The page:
A third wave of wage subsidy introduced due to the Covid-19 outbreak, plus ASB warns of Reserve Bank interest rate going negative
Wage subsidy extended to support struggling business
The Government has confirmed that it won’t need to tap the $14 billion contingency in its Covid response and recovery fund to cover the wage subsidy extension.
Finance Minister Grant Robertson yesterday announced the details of the extension to help businesses through the latest Covid-19 lockdown, particularly those in Auckland which have been subject to Level 3 restrictions since last Wednesday
Businesses claiming the subsidy will need to report or predict a revenue drop of at least 40 percent due to Covid for any 14-day period between August 12 and September 10, from a year earlier, to be eligible for the latest extension.
The Treasury estimates 470,000 jobs will be covered by the extension at a cost of $510 million, and that another 460,000 workers will be eligible under the existing extension at a cost of $1.1 billion.
Robertson said the additional $1.6 billion covering 960,000 staff “will be covered by the underspend in existing wage subsidies.
He also announced the Government would invest up to $200 million in the construction of the University of Auckland’s new Faculty of Education and Social Work building project to make sure work can start this year.
ASB Bank forecasts a negative OCR by April next year
Macro-economic forecasting agency Fitch Solutions, a division of Fitch Ratings, has downgraded its outlook for NZ’s economy, forecasting a deeper contraction this year but partially offset by a stronger recovery in 2021.
ASB Bank economists are also predicting a weaker recovery than their previous forecasts. They now expect the Reserve Bank to take the official cash rate into negative territory next year, forecasting a minus 0.5 OCR in April 2021 from its current 0.25 percent level.
That had investors scurrying for yield stocks, pushing the NZX50 up 220 points yesterday, a gain of almost 2 percent, allowing the market to effectively recover all its losses resulting from last week’s sell off in the wake of lockdown restrictions being reimposed.
Bluescope Steel warns of uncertain outlook for its New Zealand operations
The outlook for BlueScope Steel’s New Zealand based operations isn’t looking favourable after the company warned it is preparing to spend up to A$50 million to lay off a “substantial” number of staff and reduce the scale of its operations here.
The Australian listed company which owns the Glenbrook steel mill and Pacific Steel business in Otahuhu reported a A$206 million first-half operating loss yesterday on its New Zealand operations. Last month it wrote A$197 million off the value of the business. Excluding the write-down, the loss was A$5.8 million.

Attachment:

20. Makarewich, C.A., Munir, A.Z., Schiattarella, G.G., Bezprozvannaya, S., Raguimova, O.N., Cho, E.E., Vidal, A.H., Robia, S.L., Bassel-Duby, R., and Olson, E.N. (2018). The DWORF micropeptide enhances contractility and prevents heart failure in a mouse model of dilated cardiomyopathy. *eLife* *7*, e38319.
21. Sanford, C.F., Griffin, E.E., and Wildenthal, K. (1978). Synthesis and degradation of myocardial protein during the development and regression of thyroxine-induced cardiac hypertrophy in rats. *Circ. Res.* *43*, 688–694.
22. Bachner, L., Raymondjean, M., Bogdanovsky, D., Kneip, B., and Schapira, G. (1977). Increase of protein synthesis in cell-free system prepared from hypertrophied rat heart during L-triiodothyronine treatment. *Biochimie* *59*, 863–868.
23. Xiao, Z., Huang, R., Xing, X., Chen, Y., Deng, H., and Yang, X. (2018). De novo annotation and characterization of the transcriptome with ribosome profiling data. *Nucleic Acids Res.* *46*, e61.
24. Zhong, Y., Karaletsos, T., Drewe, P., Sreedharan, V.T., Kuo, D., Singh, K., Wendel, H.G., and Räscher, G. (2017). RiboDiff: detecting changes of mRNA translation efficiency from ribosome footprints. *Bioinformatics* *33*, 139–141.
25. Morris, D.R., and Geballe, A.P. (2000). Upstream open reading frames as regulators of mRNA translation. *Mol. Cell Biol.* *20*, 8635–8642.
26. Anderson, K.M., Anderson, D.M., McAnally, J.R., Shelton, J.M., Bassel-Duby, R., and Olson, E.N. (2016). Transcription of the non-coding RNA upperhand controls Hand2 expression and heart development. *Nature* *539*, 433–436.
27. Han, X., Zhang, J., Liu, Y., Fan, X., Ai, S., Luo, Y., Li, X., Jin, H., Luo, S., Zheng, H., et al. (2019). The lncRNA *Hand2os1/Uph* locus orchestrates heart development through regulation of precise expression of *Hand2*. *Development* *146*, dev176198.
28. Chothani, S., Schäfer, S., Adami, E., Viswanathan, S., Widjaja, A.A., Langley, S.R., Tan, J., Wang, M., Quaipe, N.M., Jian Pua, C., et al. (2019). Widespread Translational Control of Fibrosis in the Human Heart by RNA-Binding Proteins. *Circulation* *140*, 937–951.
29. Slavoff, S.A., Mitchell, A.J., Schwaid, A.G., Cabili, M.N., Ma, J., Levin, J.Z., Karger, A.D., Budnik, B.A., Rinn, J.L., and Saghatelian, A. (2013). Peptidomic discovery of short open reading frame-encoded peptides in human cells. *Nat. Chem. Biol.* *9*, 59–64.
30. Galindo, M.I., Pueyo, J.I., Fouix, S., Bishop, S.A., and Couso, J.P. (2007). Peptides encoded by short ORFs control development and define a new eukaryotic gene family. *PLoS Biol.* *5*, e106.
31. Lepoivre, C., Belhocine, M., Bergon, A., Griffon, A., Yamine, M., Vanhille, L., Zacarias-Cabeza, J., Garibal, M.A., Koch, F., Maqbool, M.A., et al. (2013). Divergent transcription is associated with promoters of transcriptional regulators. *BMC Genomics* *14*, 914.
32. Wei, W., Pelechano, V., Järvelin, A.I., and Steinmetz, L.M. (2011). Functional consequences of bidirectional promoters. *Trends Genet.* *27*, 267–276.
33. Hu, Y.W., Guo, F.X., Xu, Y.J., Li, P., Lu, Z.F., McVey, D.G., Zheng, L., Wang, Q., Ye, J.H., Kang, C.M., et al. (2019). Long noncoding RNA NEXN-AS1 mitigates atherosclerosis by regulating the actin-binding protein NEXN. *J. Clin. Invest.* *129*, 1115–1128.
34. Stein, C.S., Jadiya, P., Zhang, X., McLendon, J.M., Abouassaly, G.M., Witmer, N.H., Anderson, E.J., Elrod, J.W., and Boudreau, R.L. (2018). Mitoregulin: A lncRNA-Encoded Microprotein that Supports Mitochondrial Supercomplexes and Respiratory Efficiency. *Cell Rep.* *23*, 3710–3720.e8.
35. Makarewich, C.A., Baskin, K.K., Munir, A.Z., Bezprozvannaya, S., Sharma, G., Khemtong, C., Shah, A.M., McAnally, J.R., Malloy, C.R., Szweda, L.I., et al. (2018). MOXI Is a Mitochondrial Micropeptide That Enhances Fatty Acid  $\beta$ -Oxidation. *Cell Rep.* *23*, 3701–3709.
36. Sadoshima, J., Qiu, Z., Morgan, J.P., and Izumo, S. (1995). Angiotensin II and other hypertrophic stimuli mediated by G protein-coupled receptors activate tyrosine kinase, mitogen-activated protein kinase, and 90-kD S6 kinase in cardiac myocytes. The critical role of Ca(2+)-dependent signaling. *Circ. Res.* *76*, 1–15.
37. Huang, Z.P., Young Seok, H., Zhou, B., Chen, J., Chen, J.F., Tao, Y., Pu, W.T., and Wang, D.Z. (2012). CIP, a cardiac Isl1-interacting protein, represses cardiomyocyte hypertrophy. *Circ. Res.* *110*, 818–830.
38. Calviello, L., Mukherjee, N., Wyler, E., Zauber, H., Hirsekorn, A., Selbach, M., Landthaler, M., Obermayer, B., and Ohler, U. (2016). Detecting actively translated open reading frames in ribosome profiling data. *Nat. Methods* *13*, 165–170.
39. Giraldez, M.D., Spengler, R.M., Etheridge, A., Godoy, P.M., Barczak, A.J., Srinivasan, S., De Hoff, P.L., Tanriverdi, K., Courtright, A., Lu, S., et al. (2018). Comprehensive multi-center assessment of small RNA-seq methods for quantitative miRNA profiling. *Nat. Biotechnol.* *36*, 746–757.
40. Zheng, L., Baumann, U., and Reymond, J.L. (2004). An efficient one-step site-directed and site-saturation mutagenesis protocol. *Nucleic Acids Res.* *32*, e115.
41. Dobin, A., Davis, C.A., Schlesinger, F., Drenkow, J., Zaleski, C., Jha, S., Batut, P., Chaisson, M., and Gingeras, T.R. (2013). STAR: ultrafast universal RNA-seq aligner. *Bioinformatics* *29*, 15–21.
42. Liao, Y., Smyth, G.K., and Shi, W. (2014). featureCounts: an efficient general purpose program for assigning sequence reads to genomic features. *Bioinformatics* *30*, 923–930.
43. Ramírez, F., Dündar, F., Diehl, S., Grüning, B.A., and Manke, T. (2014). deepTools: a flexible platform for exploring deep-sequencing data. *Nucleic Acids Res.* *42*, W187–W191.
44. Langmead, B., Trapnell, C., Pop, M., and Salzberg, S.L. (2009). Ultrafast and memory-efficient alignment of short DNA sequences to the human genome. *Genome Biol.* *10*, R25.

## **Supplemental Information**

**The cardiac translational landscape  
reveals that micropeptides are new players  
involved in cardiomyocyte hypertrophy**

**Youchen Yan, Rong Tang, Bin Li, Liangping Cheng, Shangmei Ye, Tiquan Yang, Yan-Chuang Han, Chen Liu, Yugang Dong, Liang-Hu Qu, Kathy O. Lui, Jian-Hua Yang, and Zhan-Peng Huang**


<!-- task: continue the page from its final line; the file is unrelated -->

BlueScope is the country’s only producer of steel, which it makes at its Glenbrook plant by smelting local iron sands with local and imported coal. It also owns Pacific Steel and employed around 1,400 workers across both sites last year. Its brands include Colorsteel, Galvsteel and Axxis framing.
The company has been under pressure for some time due to on-going competition from imports from China and other Asian low-cost producers. In June, it shut its unprofitable pipes and hollow sections operation at Glenbrook with the loss of 51 roles.
BlueScope said sales for the NZ division dropped 11 percent to $792.4 million for the six months ended June due to the lockdown and lower steel and vanadium prices. The company also noted that since 2015, NZ carbon prices have roughly quadrupled to $35 a tonne, a cost few of its competitors face.
Bluescope Steel shares closed at A$12.35 on the ASX, up 2.3 percent.
Refining NZ half-year loss widens
Refining NZ reported a $186.3 million half-year loss yesterday and said it will keep operating in a low-volume mode while it continues a strategic review of its operations near Whangarei. Increasingly the signs are pointing to the review recommending the refinery be closed or significantly scaled back in favour of imported supplies of refined oil.
The company has been operating its Marsden Point refinery at reduced capacity since March after Covid-19 restrictions dramatically cut local fuel demand and collapsed international refining margins. While petrol and diesel volumes are back to near pre-Covid levels, jet fuel demand – a key product for the refinery – is still down around 60 percent.
The refinery was idled for six weeks recently as part of a plan to draw down fuel stockpiles around the country. Earlier this month the company signalled it expected to write-down the value of its refining operations by about $220 million, pre-tax, due to the weakened long-term outlook for refining margins.
The $218.9 million of impairments reported yesterday for the six months ended June were the biggest contributor to the loss and follow a $3.5 million loss last year. Revenue fell 31 percent to $116.2 million, reflecting lower throughput while margins fell dramatically to just US$1.82 a barrel from US$5.31 the year before.
Ebitda fell to $15.4 million from $54.1 million a year earlier while operating costs also declined by about $8 million due to reduced processing volumes.